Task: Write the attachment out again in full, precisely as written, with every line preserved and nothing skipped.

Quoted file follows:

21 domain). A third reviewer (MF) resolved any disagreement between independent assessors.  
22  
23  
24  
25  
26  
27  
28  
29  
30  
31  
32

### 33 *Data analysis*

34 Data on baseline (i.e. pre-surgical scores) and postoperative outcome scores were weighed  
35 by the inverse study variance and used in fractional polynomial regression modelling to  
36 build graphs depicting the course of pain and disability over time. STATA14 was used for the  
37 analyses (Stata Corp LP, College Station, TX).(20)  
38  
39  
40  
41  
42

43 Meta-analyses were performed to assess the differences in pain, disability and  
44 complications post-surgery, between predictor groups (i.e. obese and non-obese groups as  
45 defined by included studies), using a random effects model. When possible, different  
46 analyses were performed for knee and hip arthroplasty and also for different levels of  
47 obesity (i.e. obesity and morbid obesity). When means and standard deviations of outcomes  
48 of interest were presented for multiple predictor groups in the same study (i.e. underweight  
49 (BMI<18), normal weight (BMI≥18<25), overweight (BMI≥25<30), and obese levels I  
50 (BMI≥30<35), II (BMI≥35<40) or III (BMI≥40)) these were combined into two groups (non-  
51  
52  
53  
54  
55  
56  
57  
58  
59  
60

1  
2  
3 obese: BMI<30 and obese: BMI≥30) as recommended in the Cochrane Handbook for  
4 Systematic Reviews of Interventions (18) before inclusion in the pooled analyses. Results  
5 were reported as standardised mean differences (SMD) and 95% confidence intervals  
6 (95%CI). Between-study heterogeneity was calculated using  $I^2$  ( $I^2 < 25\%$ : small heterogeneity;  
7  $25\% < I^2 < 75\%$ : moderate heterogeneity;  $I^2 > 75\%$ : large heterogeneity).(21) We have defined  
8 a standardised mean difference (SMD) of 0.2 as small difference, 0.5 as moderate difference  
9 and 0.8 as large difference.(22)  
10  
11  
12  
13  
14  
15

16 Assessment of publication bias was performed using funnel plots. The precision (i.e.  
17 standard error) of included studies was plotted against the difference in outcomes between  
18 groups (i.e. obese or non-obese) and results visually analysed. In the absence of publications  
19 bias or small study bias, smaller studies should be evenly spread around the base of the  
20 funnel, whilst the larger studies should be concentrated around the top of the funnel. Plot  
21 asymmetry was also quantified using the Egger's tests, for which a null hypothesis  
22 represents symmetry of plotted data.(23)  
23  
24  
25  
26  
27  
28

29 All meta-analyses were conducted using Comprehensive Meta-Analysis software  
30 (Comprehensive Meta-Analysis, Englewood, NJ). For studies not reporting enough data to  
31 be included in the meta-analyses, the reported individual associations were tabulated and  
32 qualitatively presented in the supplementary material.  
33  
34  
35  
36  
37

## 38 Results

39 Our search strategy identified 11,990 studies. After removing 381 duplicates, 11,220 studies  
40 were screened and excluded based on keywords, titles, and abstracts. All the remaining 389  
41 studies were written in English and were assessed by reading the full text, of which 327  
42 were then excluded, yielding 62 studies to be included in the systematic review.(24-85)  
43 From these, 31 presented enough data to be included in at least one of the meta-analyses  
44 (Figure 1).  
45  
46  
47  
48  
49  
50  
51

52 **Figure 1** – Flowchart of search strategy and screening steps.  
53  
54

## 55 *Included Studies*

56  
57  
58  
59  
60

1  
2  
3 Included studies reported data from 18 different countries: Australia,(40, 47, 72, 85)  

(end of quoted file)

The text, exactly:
21 domain). A third reviewer (MF) resolved any disagreement between independent assessors.  
22  
23  
24  
25  
26  
27  
28  
29  
30  
31  
32

### 33 *Data analysis*

34 Data on baseline (i.e. pre-surgical scores) and postoperative outcome scores were weighed  
35 by the inverse study variance and used in fractional polynomial regression modelling to  
36 build graphs depicting the course of pain and disability over time. STATA14 was used for the  
37 analyses (Stata Corp LP, College Station, TX).(20)  
38  
39  
40  
41  
42

43 Meta-analyses were performed to assess the differences in pain, disability and  
44 complications post-surgery, between predictor groups (i.e. obese and non-obese groups as  
45 defined by included studies), using a random effects model. When possible, different  
46 analyses were performed for knee and hip arthroplasty and also for different levels of  
47 obesity (i.e. obesity and morbid obesity). When means and standard deviations of outcomes  
48 of interest were presented for multiple predictor groups in the same study (i.e. underweight  
49 (BMI<18), normal weight (BMI≥18<25), overweight (BMI≥25<30), and obese levels I  
50 (BMI≥30<35), II (BMI≥35<40) or III (BMI≥40)) these were combined into two groups (non-  
51  
52  
53  
54  
55  
56  
57  
58  
59  
60

1  
2  
3 obese: BMI<30 and obese: BMI≥30) as recommended in the Cochrane Handbook for  
4 Systematic Reviews of Interventions (18) before inclusion in the pooled analyses. Results  
5 were reported as standardised mean differences (SMD) and 95% confidence intervals  
6 (95%CI). Between-study heterogeneity was calculated using  $I^2$  ( $I^2 < 25\%$ : small heterogeneity;  
7  $25\% < I^2 < 75\%$ : moderate heterogeneity;  $I^2 > 75\%$ : large heterogeneity).(21) We have defined  
8 a standardised mean difference (SMD) of 0.2 as small difference, 0.5 as moderate difference  
9 and 0.8 as large difference.(22)  
10  
11  
12  
13  
14  
15

16 Assessment of publication bias was performed using funnel plots. The precision (i.e.  
17 standard error) of included studies was plotted against the difference in outcomes between  
18 groups (i.e. obese or non-obese) and results visually analysed. In the absence of publications  
19 bias or small study bias, smaller studies should be evenly spread around the base of the  
20 funnel, whilst the larger studies should be concentrated around the top of the funnel. Plot  
21 asymmetry was also quantified using the Egger's tests, for which a null hypothesis  
22 represents symmetry of plotted data.(23)  
23  
24  
25  
26  
27  
28

29 All meta-analyses were conducted using Comprehensive Meta-Analysis software  
30 (Comprehensive Meta-Analysis, Englewood, NJ). For studies not reporting enough data to  
31 be included in the meta-analyses, the reported individual associations were tabulated and  
32 qualitatively presented in the supplementary material.  
33  
34  
35  
36  
37

## 38 Results

39 Our search strategy identified 11,990 studies. After removing 381 duplicates, 11,220 studies  
40 were screened and excluded based on keywords, titles, and abstracts. All the remaining 389  
41 studies were written in English and were assessed by reading the full text, of which 327  
42 were then excluded, yielding 62 studies to be included in the systematic review.(24-85)  
43 From these, 31 presented enough data to be included in at least one of the meta-analyses  
44 (Figure 1).  
45  
46  
47  
48  
49  
50  
51

52 **Figure 1** – Flowchart of search strategy and screening steps.  
53  
54

## 55 *Included Studies*

56  
57  
58  
59  
60

1  
2  
3 Included studies reported data from 18 different countries: Australia,(40, 47, 72, 85)  